Judge rejects Microsoft settlement

Motz finds offer too self-serving

January 12, 2002|By Paul Adams | Paul Adams,SUN STAFF

A federal judge in Baltimore rejected yesterday Microsoft's plan to settle class-action lawsuits by giving needy public schools $1 billion worth of free computers and software.

The decision by Chief U.S. District Judge J. Frederick Motz handed the software giant another blow in a series of courtroom defeats as it tries to overcome accusations that it has used its monopoly power to overcharge customers.

Motz concluded that the proposed settlement would heavily favor the introduction of Microsoft software in schools eligible for the donations, dealing a competitive blow to rivals such as Apple Computer Inc., which controls about a third of the education market.

The 21-page decision will force Microsoft to return to the negotiating table or defend dozens of class-action lawsuits accusing it of using its market dominance to charge higher prices to customers dependent on the company's Windows operating system.

The proposed settlement between Microsoft and some of the plaintiffs' attorneys called for the company to donate software and refurbished computers to needy schools, in exchange for settling 150 lawsuits that were consolidated for pre-trial motions before Motz. The agreement also includes $400 million in cash to a private foundation, which schools could tap to buy non-Microsoft products.

But critics noted that the foundation set up by Microsoft and plaintiffs' attorneys would have to approve the purchases.

Motz said the agreement "raises legitimate questions, since it appears to provide a means for flooding a part of the kindergarten through high school market, in which Microsoft has not traditionally been the strongest player. ... "

"To put it bluntly, in the words of the opponents ... the donation of free software could be viewed as constituting court-approved predatory pricing," Motz wrote.

The class-action lawsuits are separate from an antitrust suit the Justice Department and nine states, including Maryland, agreed to settle in the fall in a 3 1/2 -year-old case against Microsoft. Nine other states have refused to sign that agreement, which would give computer manufacturers more freedom to promote non-Microsoft software. More hearings on the case are scheduled in March in Washington.

Legal experts said Motz's decision won't have any legal effect on the Justice Department's action, but the additional defeat could give a psychological boost to attorneys pursuing a tougher settlement in the federal antitrust case. It also delays any settlement of the software company's considerable legal battles.

"They've lost many cases in the courts now," said Robert Lande, an antitrust expert and law professor at the University of Baltimore. "They keep losing in court, so this is yet another Microsoft loss that could give sustenance to other attorneys pursuing the relief matter in Washington."

Motz's decision was praised by critics of the agreement, who argued that the settlement was too small and would only serve to increase Microsoft's market penetration. "We're delighted that the judge wrote a very considered and appropriate opinion," said Richard Grossman, an attorney for plaintiffs in California, who opposed the settlement.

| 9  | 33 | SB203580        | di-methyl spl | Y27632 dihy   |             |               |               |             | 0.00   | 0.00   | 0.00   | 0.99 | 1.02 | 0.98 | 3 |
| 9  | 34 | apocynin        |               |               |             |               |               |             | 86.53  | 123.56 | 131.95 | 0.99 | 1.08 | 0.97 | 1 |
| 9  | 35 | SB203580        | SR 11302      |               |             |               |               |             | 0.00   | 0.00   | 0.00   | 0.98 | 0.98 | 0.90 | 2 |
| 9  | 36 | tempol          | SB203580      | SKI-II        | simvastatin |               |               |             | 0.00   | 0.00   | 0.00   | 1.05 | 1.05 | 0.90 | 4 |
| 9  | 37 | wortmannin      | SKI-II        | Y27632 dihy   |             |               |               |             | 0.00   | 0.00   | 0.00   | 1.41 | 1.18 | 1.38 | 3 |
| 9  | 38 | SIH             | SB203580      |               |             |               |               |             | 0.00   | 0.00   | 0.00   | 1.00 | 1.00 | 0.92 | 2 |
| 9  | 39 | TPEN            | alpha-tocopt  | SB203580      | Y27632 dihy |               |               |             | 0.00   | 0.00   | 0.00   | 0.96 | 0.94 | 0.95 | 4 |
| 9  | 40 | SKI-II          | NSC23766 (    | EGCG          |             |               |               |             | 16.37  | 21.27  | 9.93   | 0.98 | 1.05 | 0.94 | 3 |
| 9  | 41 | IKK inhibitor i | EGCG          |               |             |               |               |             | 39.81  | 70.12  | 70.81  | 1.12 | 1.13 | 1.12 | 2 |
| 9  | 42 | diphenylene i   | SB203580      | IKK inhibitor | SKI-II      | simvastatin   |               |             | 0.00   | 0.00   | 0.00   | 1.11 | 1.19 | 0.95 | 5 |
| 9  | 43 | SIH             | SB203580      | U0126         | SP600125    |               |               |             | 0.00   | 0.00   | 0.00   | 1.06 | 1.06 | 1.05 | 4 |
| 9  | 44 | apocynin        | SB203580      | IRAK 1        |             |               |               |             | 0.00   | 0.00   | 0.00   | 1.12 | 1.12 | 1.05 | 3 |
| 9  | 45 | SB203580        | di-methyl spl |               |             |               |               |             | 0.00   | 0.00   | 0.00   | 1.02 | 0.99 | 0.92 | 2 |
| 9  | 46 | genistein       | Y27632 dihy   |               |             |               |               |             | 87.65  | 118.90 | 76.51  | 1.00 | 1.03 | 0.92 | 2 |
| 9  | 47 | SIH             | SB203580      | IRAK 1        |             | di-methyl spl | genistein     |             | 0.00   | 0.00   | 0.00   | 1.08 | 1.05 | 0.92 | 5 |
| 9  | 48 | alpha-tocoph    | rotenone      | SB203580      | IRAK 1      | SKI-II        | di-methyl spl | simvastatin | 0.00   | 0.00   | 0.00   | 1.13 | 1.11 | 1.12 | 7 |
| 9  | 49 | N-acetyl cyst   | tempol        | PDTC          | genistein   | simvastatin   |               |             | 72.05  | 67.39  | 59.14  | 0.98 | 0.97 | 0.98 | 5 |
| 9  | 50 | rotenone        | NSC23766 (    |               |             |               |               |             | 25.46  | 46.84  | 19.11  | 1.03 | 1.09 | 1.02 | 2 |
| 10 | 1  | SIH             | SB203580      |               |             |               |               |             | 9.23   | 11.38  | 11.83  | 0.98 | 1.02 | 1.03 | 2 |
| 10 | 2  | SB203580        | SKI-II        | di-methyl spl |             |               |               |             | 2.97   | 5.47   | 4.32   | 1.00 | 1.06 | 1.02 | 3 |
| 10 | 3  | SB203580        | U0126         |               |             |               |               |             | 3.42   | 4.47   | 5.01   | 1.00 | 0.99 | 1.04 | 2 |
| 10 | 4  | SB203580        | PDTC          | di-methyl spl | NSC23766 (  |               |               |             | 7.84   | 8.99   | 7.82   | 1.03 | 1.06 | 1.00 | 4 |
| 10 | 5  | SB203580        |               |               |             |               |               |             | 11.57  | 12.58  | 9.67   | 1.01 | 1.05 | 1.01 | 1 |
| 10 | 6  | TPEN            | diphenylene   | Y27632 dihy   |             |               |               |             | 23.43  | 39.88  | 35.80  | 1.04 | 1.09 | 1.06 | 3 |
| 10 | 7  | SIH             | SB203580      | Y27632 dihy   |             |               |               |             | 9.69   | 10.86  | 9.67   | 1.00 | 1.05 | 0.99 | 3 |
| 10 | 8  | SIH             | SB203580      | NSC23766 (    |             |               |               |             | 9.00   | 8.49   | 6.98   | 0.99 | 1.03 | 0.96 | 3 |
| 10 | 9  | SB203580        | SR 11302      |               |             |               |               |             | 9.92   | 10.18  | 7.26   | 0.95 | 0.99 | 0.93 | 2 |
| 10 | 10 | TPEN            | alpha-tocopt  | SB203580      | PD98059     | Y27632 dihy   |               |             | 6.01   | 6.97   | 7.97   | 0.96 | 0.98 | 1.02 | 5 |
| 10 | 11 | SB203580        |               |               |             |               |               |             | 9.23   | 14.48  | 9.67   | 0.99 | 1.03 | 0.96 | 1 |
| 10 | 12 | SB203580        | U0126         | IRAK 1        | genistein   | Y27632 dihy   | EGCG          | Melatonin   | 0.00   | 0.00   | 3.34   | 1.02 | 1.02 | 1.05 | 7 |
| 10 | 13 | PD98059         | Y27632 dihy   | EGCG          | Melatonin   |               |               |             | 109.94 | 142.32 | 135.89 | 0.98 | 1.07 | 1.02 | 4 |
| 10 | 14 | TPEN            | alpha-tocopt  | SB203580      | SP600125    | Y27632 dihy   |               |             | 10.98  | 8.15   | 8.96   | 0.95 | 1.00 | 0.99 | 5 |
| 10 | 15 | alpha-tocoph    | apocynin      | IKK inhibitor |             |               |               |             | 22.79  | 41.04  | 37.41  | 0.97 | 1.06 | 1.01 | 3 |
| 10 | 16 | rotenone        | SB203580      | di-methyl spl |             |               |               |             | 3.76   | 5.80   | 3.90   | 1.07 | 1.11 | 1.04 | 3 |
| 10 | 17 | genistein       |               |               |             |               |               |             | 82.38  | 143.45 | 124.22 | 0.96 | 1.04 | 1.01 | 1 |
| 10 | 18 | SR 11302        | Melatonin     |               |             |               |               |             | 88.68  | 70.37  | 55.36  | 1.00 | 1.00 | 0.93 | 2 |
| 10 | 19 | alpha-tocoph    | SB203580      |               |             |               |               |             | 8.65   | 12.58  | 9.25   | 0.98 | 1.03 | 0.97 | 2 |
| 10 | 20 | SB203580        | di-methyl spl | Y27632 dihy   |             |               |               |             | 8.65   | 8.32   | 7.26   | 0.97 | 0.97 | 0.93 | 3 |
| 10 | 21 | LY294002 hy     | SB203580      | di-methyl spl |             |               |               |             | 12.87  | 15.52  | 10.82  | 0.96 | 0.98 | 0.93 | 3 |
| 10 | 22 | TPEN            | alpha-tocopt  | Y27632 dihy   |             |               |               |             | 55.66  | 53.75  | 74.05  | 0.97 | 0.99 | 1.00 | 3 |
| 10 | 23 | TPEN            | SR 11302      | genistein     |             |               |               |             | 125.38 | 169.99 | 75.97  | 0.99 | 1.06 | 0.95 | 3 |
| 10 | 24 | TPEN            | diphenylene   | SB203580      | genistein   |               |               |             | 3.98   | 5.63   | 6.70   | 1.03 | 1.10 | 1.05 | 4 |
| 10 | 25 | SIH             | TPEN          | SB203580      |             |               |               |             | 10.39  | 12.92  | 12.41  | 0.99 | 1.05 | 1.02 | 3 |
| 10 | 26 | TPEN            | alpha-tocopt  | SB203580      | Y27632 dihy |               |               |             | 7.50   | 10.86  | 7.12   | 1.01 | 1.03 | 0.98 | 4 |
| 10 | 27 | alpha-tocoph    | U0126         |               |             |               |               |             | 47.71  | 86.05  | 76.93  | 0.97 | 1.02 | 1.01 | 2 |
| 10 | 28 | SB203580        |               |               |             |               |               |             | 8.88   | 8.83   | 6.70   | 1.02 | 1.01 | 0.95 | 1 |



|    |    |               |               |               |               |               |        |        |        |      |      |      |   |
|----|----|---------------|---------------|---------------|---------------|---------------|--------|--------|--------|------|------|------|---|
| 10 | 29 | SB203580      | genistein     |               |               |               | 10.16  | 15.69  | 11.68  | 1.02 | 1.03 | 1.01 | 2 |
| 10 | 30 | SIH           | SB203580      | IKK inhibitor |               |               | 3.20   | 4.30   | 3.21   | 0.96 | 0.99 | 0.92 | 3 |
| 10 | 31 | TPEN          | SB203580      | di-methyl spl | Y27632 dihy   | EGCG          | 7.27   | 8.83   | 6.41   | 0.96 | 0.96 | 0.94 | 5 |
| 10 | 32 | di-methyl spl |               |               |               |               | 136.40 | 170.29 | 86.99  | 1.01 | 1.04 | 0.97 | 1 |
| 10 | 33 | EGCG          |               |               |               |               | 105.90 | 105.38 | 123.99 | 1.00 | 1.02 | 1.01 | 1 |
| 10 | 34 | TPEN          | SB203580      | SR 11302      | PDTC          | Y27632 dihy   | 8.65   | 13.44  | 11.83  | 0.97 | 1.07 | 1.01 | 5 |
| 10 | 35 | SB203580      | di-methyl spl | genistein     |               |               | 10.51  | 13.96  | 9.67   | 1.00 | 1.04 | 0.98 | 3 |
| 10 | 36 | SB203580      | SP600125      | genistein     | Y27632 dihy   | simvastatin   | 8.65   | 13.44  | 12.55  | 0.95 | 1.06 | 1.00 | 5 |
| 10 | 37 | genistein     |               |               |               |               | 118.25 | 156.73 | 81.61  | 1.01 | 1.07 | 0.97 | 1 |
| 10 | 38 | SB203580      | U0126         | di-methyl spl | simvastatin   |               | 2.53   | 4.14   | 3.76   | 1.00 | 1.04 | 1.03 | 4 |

Grossman said California consumers suffered an estimated $2 billion in damages as a result of anti-competitive behavior by Microsoft. Attorneys are preparing to go to court in the case in August, barring some sort of renegotiated settlement.

"We are happy to continue discussions with Microsoft on a settlement that would be legal and that Judge Motz could approve, but until Microsoft is willing to enter into serious discussions to that core, we'll be preparing for trial," Grossman said.

A lawyer for Microsoft said it is too soon to say whether it will enter into new negotiations with plaintiffs in the lawsuits.

"Microsoft really went the extra mile to put together this proposal," said Tom Burt, deputy general counsel for Microsoft. "The opinion today does provide a number of specific suggestions of things that could be done, and Microsoft ... is open to resolving litigation in fair and reasonable terms."

Microsoft shares closed down 67 cents yesterday to $68.61.

In his decision, Motz said he might approve a settlement if Microsoft agreed to provide more money for a proposed foundation that would be set up to distribute the donations to poor schools. The settlement's proposed $400 million for the foundation was dismissed by Motz as inadequate. A larger endowment would free more cash for schools to purchase rival software, he said.

Analysts said Motz's decision is no more than a minor setback for Microsoft.

"I don't think it means much in terms of a financial or business impact. It simply prolongs and delays the inevitable," said Ken Kiarash, an analyst with Buckingham Research Group in New York. "Microsoft will eventually have to pay a substantial sum to pay off these lawsuits."

Jonathan Geurkink, a senior analyst with Wells Fargo Securities in Seattle, said Microsoft has been unfairly painted as a villain.

"Microsoft is a business, and they're going to propose things that are within their interest. Having kids getting used to using PCs and Windows could provide Microsoft with benefits down the road, but it could help a lot of kids down the road, too."

Geurkink said the judge's decision just stalls the case.

"I had hoped this would be the year they would get a lot of this litigation behind them," he said. "This looks like it will drag on longer and be more fragmented than the kind of settlement we hoped it would bring."

Sun staff writer Andrea Walker contributed to this article.

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